The chemical industry is going biological: the use of biocatalysts, called enzymes, allows many products to be prepared very efficiently, economically, and in an environmentally safe manner.
For a specific reaction, however, finding the right enzyme among the countless natural enzymes is like finding a needle in a haystack. British researchers have now developed a screening method that could allow such a search to be tackled systematically, relatively rapidly, and simply.
Most reactions that chemists would like to carry out in their reactors do not occur in nature. It is thus understandable that nature does not as a rule simply have a suitable enzyme available. However, sometimes one can be found that, in addition to its intended task, will also catalyze the desired reaction – even if with only low activity. Many enzymes also convert compounds that resemble their natural substrate (substrate ambiguity), while others even catalyze different types of reactions (catalyst promiscuity). An enzyme that demonstrates a certain activity for the desired reaction can often be sufficiently optimized by targeted mutations to become useful for production.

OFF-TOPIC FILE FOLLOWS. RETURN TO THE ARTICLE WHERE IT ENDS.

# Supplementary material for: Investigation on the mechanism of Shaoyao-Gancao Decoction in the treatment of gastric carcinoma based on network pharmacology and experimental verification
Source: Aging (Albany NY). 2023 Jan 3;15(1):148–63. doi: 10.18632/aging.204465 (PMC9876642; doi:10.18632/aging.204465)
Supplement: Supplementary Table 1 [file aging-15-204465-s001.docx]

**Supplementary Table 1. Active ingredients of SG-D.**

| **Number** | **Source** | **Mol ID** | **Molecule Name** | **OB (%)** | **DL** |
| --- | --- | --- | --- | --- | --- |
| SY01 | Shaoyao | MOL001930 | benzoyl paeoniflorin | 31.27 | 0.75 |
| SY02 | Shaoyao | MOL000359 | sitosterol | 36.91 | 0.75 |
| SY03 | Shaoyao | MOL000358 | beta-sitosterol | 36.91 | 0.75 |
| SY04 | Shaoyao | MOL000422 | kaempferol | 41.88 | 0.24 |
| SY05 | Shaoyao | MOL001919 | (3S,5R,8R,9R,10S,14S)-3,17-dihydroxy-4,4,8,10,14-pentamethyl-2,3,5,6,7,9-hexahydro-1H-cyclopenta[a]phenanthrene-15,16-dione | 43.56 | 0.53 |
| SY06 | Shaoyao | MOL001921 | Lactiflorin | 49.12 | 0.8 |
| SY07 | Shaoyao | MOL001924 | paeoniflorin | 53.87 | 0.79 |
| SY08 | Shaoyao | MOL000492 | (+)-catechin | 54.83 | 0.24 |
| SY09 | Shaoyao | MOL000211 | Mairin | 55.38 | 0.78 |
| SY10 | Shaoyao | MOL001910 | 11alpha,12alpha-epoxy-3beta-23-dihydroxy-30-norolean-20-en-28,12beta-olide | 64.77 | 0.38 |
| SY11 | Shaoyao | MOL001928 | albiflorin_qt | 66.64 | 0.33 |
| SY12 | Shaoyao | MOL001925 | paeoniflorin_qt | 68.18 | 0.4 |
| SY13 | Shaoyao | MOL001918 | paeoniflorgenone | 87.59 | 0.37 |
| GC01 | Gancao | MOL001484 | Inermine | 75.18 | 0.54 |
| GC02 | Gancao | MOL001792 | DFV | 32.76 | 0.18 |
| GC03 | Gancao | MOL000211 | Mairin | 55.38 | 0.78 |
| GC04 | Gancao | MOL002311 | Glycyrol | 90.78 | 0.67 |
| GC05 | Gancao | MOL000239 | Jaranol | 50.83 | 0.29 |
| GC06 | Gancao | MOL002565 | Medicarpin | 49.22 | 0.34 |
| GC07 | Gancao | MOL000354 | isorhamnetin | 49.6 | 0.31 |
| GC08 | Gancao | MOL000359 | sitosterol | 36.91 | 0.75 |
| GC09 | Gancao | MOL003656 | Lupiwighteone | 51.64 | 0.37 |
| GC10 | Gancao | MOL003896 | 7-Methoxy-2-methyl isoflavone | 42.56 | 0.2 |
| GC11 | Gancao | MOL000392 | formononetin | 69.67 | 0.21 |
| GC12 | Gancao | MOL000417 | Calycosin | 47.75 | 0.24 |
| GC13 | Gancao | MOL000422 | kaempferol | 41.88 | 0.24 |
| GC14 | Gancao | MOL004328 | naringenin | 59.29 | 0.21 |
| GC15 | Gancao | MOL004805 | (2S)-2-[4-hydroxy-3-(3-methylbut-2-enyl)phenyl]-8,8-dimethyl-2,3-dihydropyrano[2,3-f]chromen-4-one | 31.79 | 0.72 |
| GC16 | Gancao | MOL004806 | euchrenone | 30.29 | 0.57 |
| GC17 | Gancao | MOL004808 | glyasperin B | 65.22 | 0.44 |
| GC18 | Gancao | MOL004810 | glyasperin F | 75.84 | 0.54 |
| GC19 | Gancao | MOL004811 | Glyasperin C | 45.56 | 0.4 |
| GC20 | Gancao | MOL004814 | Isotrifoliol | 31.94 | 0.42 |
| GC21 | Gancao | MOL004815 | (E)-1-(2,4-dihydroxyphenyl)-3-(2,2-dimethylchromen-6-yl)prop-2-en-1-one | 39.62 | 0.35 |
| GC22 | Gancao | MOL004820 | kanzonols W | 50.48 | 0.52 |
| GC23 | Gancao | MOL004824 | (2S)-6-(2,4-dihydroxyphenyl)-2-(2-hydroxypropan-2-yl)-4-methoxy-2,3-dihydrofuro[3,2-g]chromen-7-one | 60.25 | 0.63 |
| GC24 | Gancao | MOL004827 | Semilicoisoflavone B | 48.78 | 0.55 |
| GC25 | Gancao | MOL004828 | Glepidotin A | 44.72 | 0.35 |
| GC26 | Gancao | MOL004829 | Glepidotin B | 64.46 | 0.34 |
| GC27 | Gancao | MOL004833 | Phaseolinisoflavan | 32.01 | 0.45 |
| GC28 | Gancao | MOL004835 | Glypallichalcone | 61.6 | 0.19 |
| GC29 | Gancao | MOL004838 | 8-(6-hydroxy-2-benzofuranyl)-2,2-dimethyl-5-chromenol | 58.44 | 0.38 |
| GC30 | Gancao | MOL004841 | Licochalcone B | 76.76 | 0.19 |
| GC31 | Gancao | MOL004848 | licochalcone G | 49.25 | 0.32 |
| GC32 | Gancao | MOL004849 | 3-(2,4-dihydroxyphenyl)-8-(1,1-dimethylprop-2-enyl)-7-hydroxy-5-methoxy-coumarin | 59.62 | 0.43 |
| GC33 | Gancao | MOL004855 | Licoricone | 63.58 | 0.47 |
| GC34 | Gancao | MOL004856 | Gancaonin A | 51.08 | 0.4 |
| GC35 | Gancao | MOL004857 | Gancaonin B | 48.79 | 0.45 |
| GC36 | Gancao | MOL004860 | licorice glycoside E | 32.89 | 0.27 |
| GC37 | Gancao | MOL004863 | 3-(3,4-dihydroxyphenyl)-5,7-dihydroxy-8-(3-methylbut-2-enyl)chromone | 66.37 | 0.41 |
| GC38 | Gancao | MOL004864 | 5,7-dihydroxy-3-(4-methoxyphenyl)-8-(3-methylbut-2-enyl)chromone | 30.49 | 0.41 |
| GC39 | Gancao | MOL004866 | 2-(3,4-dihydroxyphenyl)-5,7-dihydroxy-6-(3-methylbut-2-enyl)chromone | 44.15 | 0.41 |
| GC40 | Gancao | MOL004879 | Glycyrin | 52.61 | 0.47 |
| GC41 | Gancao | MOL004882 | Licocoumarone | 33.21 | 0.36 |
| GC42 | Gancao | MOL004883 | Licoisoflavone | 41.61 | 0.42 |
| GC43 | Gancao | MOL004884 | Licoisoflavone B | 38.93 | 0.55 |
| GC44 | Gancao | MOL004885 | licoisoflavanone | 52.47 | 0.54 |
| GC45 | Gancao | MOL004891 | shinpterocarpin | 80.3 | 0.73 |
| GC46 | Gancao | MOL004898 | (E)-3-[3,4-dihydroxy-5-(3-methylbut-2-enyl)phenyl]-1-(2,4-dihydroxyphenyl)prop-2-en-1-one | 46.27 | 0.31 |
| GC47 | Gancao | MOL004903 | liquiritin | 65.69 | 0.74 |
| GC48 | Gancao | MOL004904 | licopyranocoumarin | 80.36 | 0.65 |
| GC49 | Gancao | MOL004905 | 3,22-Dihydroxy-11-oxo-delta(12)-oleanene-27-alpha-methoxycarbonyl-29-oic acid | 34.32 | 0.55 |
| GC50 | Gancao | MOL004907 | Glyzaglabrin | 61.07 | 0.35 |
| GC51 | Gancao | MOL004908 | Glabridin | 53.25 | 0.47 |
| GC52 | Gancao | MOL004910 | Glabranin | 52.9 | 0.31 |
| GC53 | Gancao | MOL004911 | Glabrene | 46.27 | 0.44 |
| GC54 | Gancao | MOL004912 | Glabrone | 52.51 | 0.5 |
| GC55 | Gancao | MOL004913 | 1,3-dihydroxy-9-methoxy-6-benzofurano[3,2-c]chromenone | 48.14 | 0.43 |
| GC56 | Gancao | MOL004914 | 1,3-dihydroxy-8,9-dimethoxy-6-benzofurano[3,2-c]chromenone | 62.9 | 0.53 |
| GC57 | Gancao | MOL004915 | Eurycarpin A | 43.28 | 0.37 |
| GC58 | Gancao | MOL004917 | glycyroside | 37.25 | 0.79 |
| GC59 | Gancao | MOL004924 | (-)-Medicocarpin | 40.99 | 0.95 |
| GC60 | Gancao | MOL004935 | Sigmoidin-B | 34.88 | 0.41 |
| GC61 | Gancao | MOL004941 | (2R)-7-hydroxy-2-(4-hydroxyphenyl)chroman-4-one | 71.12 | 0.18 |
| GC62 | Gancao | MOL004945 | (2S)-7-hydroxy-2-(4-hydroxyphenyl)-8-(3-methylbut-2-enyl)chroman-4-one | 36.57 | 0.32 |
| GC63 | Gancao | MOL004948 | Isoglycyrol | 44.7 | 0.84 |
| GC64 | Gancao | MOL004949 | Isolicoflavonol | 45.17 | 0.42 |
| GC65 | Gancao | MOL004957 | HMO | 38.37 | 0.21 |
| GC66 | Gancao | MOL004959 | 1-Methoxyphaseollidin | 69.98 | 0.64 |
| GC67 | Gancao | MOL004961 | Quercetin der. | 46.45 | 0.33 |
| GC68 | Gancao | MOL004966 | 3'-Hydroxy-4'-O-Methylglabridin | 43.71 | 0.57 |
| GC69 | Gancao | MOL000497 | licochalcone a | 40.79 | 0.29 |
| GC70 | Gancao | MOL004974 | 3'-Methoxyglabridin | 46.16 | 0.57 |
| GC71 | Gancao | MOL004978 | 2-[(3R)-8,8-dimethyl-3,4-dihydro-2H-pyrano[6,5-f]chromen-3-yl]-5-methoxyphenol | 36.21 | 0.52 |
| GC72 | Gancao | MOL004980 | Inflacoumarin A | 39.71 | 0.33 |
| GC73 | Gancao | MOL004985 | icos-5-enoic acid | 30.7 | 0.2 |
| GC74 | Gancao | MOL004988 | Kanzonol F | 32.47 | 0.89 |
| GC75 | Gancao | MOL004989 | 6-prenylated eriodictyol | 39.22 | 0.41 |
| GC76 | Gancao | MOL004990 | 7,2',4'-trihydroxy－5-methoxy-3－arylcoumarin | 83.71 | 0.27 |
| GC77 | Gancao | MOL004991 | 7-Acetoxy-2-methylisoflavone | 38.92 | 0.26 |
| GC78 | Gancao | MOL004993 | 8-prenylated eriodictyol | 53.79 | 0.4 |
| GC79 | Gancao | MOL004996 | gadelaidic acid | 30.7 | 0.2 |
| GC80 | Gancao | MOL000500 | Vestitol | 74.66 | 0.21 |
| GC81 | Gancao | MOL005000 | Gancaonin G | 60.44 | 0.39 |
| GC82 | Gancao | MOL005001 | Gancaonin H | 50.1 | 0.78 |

But how to find such an enzyme? John D. Sutherland and his team at the University of Manchester have used a sample reaction, the conversion of an alcohol into an aldehyde, to demonstrate how this might work. The secret of their success is the coupling of the desired reaction to a second reaction that can be easily detected. This is how it goes: The researchers fragment the complete DNA of a microorganism and incorporate the individual fragments into bacteria. These form colonies that produce many copies of the corresponding proteins. All of the colonies together represent all of the proteins of the microorganism, its proteome. The alcohol to be converted is then added to the medium. If one of the colonies contains a useful enzyme, the alcohol is converted into an aldehyde. The trick is this: An additional gene that codes for the enzyme luciferase was implanted into all of the bacteria. Luciferase converts aldehydes into their corresponding acids. This process releases energy in the form of light. Colonies in which the alcohol is converted into the desired aldehyde can easily be recognized by their glow. The detection is so sensitive that even very low enzymatic activities are obvious. Glowing colonies are then selected and the sought-after, alcohol-converting enzyme is identified by means of the foreign gene fragment.